Engineering Manager & Front End Engineer
Remote and distributed work is an unstoppable trend recently accelerated by five to ten years. It allows people to live where they want to live, and people who couldn’t move or regularly visit an office before can find better jobs.1 Remote work is great for a more diverse workforce, and I’m glad this trend is here to stay. However, it’s much harder to build a shared sense of purpose and build empathy for colleagues. This post exists to help people and teams adapt better to this new era.
In a hurry? Jump straight ahead to the Recommendations.
I expect many companies will operate with a hybrid model of partial work from an office and partial work from home. Even if you aren’t sure whether you’ll work from an office or elsewhere in the future, the age of a singular big headquarter per company with everyone in the same place has passed. The new norm will be multiple engineering hubs, fully remote companies, or a mix of headquarter, hubs, and remote work.
It’s been almost five years since I switched to engineering management. I am by no means an expert engineering manager and I’m always looking to improve. However, most managers will define their manager principles in the first couple of years of their management career. I think of this post as the “Nakazawa Management Starter Pack”, and I’m curious how it evolves over the years.1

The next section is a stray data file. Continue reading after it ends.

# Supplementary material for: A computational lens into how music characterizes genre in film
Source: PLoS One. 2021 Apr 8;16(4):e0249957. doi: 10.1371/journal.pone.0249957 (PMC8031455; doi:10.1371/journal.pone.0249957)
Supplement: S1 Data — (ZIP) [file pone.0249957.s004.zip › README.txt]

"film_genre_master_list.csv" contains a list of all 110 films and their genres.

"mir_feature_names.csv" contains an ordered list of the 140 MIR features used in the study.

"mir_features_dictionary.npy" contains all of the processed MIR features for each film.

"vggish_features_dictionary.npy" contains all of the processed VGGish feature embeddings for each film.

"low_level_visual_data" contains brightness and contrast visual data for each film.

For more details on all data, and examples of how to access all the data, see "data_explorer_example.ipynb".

In a hurry? Skip straight ahead to the Priorities.
This question is one of my all-time favorite questions when I interview other managers for a position. Many people tell stories about how they found out that they were really good at helping others grow their careers.2
Welcome to the inaugural post in my new space, which I hope to keep fresh with insightful content. As a front-end engineer and engineering manager, I focused on building developer tools for open source projects such as React Native, Jest, or Metro for the past ten years.
In a hurry? Skip straight ahead to the Principles.
I am restless in searching for a better user experience, and I lose sleep over misaligned pixels. I deeply care about how people feel about the tools they are using every day. This experience informed how I think about building software, and the team I work with lives by several principles we defined together. I am sharing this manifest with you in hopes that it’ll be useful to shape your high-level thinking of developer tooling, too.
Developer Experience or “DevX” is the experience developers have when building, maintaining, testing, deploying, and analyzing software. Think about the tooling you use: Some of them are probably hard to use, slow, and there aren’t any plans to improve them.